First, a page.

The Journal of the American Medical Association recently published a study of almost 4,000 computer-generated prescriptions that were received by a pharmacy chain. The report found that 12 percent of the prescriptions contained errors, which, the report said, is consistent with error rates with handwritten prescriptions. [I wrote about that here - ed.]

A modern, well-equipped office is critical to the practice of medicine, and health IT offers promise to all medical professionals. [But only when done well - and there is massive complexity behind those simple two words "done well" that is poorly recognized and/or ignored - ed.] Health IT has the potential to improve health care delivery, decrease medical errors, increase clinical and administration efficiency, and reduce paperwork.

We most do all we can to ensure a commitment to our health care system and patient care. As technology rapidly evolves, I ask that you consider a study of health IT’s adoption, benefits and cost effectiveness.

[Cart before the horse when being done AFTER a national multi-billion dollar rollout is put into law,
as I wrote here, but better late than never - ed.]

As part of the study, I hope you will also consider medical error rates — both human and technological --so that all errors can he better assessed and prevented.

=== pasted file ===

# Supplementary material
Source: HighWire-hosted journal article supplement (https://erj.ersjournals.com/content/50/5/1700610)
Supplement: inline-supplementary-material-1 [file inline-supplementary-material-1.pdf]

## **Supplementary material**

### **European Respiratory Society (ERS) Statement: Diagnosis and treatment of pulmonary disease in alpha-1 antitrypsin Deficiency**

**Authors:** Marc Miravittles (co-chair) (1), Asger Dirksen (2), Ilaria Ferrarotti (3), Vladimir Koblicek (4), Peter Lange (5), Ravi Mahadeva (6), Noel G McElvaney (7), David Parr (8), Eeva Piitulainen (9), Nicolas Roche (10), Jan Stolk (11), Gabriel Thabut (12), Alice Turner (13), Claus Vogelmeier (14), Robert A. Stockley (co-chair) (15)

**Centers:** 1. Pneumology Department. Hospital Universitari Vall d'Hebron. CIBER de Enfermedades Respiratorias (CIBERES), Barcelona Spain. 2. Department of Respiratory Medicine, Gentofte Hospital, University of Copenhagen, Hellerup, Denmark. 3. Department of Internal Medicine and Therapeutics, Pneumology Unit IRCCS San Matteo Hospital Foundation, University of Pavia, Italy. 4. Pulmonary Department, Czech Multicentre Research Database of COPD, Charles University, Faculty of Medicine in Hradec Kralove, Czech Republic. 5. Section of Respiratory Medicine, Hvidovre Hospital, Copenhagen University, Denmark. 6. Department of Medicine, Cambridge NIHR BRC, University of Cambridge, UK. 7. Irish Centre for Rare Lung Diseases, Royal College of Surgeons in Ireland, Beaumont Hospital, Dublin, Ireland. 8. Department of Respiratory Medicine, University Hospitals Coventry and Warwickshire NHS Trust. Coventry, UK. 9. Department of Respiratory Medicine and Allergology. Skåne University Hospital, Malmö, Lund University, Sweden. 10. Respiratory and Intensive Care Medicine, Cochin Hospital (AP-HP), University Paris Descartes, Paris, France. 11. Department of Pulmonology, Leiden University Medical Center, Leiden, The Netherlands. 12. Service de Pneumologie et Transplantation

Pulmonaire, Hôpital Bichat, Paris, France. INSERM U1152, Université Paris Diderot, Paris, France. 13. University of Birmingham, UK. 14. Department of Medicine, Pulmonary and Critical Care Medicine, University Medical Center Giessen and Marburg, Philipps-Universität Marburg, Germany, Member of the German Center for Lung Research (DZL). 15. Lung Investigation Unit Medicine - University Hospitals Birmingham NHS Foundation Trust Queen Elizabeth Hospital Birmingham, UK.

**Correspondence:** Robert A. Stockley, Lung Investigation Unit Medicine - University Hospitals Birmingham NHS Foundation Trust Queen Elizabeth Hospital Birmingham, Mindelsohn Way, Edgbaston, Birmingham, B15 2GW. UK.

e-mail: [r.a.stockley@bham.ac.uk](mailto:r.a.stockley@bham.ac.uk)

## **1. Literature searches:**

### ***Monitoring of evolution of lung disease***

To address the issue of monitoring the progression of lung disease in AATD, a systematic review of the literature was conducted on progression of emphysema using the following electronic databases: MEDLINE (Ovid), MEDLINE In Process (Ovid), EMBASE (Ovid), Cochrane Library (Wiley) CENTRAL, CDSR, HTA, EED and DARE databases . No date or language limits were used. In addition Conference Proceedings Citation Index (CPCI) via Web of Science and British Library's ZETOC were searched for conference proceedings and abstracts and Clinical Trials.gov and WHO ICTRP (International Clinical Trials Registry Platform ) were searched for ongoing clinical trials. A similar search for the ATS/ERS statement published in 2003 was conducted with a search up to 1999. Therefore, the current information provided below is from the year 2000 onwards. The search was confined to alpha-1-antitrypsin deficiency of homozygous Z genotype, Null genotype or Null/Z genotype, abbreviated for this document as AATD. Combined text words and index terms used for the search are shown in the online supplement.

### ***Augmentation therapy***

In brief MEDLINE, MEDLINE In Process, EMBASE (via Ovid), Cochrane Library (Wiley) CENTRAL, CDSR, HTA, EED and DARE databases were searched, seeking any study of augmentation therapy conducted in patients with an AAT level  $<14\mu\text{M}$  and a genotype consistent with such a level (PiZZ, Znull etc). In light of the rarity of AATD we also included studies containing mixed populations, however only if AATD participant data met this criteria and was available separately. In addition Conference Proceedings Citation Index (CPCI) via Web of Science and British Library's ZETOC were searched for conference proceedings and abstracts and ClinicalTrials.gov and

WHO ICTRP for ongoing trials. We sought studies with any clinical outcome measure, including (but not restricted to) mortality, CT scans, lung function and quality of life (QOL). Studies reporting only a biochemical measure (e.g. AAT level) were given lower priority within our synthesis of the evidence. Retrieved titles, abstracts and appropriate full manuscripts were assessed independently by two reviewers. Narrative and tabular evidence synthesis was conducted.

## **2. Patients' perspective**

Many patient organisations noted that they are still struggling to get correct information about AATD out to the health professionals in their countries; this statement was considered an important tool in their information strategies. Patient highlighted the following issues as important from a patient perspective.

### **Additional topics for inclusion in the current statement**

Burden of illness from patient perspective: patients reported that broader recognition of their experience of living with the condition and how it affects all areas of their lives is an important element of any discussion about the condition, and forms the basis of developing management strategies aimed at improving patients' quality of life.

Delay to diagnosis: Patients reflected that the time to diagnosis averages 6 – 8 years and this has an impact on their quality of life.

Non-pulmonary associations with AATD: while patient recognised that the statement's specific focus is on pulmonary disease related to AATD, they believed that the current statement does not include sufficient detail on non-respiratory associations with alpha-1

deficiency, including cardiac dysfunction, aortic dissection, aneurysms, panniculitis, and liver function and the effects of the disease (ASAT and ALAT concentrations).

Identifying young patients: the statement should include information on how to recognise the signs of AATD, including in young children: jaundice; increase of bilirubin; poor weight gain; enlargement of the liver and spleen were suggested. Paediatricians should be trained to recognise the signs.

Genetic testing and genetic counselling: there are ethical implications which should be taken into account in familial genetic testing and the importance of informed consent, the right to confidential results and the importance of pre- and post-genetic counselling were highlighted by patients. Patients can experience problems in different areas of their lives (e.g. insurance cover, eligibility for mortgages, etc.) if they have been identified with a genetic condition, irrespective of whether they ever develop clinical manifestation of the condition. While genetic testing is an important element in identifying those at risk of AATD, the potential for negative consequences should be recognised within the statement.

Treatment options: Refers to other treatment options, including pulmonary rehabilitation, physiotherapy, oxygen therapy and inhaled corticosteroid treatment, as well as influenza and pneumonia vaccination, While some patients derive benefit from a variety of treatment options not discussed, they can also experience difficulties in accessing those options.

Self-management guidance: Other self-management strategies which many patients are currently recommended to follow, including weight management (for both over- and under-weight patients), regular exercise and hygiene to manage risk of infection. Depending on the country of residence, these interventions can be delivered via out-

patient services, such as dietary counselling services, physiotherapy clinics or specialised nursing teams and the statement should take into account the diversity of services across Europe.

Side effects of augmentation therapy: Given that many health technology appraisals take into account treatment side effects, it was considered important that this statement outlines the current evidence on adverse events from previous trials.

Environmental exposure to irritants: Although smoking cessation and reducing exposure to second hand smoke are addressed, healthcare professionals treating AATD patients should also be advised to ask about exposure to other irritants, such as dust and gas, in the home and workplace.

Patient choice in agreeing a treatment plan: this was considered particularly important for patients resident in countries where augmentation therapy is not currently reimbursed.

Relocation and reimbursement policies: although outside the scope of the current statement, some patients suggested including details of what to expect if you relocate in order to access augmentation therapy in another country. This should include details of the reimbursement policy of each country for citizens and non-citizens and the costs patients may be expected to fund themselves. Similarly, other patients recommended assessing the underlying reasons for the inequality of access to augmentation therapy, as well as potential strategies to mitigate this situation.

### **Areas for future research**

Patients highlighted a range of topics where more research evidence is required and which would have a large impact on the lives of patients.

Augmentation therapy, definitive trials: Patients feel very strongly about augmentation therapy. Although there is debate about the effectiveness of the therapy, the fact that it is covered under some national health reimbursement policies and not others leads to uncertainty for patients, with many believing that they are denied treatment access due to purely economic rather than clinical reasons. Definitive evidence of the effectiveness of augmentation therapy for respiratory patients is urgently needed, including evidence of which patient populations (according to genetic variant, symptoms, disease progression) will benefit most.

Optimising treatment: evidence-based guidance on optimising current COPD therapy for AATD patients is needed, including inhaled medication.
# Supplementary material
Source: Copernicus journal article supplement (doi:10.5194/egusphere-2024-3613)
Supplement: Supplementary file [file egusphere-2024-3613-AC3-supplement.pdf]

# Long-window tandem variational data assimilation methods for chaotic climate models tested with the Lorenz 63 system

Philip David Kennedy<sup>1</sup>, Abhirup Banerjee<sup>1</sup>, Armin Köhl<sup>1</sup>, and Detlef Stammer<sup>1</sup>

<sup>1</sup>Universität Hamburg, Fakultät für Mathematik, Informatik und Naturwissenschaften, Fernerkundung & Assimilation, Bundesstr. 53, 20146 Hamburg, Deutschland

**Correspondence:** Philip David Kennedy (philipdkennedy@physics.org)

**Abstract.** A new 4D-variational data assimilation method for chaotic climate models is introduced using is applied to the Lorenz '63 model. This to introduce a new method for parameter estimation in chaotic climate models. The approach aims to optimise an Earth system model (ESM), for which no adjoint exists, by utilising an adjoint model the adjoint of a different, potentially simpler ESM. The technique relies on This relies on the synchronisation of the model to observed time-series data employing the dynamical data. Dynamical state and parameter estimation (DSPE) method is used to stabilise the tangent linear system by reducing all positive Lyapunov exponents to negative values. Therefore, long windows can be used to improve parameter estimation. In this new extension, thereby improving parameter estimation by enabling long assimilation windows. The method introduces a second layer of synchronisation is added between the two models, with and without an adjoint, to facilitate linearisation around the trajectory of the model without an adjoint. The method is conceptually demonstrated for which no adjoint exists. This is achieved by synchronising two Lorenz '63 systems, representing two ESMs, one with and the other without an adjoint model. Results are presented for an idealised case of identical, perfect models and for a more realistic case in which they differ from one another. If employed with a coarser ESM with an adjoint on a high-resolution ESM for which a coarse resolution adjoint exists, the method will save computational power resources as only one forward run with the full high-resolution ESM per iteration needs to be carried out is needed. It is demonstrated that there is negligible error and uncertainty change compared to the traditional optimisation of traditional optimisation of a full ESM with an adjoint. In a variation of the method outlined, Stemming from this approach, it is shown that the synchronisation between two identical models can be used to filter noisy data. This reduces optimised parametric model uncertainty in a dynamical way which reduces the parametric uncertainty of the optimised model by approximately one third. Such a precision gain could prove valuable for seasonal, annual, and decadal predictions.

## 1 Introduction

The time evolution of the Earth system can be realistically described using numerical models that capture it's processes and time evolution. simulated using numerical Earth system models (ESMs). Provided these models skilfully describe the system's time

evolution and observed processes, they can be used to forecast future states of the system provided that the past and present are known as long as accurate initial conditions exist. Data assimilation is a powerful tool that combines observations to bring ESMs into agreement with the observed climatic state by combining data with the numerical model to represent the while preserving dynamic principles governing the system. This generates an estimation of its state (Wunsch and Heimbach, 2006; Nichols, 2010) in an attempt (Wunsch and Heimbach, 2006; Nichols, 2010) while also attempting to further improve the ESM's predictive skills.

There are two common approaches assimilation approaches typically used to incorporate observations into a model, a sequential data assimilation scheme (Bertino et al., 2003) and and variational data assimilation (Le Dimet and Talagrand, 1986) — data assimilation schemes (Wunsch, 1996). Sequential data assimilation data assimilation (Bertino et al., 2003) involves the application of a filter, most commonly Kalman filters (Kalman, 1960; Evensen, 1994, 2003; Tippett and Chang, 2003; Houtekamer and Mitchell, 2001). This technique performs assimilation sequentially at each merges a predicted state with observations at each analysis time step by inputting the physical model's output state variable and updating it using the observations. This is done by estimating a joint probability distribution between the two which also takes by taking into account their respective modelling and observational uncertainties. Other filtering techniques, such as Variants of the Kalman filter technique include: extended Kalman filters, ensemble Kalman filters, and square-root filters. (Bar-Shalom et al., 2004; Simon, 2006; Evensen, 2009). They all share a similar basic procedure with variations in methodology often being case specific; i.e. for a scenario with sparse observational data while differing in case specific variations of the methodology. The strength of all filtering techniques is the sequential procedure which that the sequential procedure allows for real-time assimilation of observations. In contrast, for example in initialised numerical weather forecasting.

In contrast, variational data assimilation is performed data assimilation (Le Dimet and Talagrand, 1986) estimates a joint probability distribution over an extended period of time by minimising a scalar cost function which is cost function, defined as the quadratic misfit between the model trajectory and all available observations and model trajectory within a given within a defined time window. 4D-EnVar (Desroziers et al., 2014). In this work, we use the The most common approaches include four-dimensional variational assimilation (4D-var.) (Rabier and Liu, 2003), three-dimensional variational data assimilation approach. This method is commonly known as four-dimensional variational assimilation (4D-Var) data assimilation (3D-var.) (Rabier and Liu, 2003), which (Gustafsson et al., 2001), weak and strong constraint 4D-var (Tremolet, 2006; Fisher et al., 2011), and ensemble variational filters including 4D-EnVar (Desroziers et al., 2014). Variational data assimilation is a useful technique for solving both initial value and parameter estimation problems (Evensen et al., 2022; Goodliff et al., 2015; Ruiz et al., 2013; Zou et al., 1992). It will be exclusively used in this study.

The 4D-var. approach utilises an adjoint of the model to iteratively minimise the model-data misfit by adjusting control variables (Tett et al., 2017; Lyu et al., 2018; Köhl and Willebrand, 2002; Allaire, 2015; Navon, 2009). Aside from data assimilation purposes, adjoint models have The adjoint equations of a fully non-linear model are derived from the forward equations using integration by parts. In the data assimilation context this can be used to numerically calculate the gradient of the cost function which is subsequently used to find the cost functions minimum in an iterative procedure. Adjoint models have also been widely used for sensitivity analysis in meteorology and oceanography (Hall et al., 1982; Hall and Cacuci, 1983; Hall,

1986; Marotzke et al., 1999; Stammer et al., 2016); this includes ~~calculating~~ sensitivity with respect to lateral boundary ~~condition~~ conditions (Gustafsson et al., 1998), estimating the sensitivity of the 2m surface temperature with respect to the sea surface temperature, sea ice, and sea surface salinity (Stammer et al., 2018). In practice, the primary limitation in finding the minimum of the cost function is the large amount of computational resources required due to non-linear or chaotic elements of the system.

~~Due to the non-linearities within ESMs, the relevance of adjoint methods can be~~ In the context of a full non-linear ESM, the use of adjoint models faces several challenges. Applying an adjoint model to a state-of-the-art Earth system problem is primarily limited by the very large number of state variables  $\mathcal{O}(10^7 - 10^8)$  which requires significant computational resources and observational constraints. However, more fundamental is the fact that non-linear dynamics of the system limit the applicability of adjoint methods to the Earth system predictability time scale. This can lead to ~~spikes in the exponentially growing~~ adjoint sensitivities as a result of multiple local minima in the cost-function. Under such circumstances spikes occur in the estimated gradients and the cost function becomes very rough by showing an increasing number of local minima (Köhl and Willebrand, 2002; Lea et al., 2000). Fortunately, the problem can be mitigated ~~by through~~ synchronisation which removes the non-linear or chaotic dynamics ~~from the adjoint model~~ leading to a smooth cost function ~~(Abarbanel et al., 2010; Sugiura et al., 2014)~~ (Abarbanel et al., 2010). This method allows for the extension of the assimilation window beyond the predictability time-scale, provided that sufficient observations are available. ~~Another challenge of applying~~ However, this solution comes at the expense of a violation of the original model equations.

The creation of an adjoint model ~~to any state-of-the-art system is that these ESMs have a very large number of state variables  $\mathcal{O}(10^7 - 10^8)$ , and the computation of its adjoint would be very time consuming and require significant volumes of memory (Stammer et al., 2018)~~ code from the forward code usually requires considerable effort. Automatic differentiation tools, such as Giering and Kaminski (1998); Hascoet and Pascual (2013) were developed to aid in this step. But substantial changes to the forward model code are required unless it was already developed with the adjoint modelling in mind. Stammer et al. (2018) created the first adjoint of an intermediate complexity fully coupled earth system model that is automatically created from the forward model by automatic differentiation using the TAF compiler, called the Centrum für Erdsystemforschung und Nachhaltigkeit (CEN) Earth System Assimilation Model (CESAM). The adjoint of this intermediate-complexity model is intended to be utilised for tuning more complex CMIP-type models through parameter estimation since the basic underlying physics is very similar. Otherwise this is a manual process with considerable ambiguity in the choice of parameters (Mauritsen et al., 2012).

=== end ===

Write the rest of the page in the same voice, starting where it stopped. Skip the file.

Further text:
[I have been calling for this for years now - ed.]

Renee Ellmers

Subcommittee on Healthcare and Technology
House Committee on Small Business

I find this letter from a leading member of the House of Representatives remarkable. Importantly, Chairwoman Ellmers has a medical background (HHS Secretary Sebelius, to my knowledge, does not). Here is part of Chairwoman Ellmer's background from Wikipedia:

In 1990, she graduated with a Bachelor of Science degree in Nursing. Ellmers worked as a nurse in Beaumont Hospital's surgical intensive care unit. In North Carolina, she was clinical director of the Trinity Wound Care Center in Dunn.

The only other letters like it asking questions like this that I know of came from a Republican Senator to the HIT vendors, Sen. Grassley of Iowa (see here and here). Sen. Grassley also wrote directly on HIT problems to HHS Secretry Sebelius on Feb. 24, 2010; see the letter here.

-- SS


Anonymous said...

It is about time that lawmakers question the integrity of the devices on which $ billions are being spent.

There is reason to believe that if these devices were subjected to the lowest range of standards used by the FDA to approve a medical device, the CPOE and decision support components would not make it on grounds of absent safety benefit, absent efficacy, and poor usability.

However, the vendors' EHRA was clever. They had HIMSS, its wealthy trade group create CCHIT with shared leadership, to certify the HIT devices' features and provide the illusion that "certification" equated to FDA approval.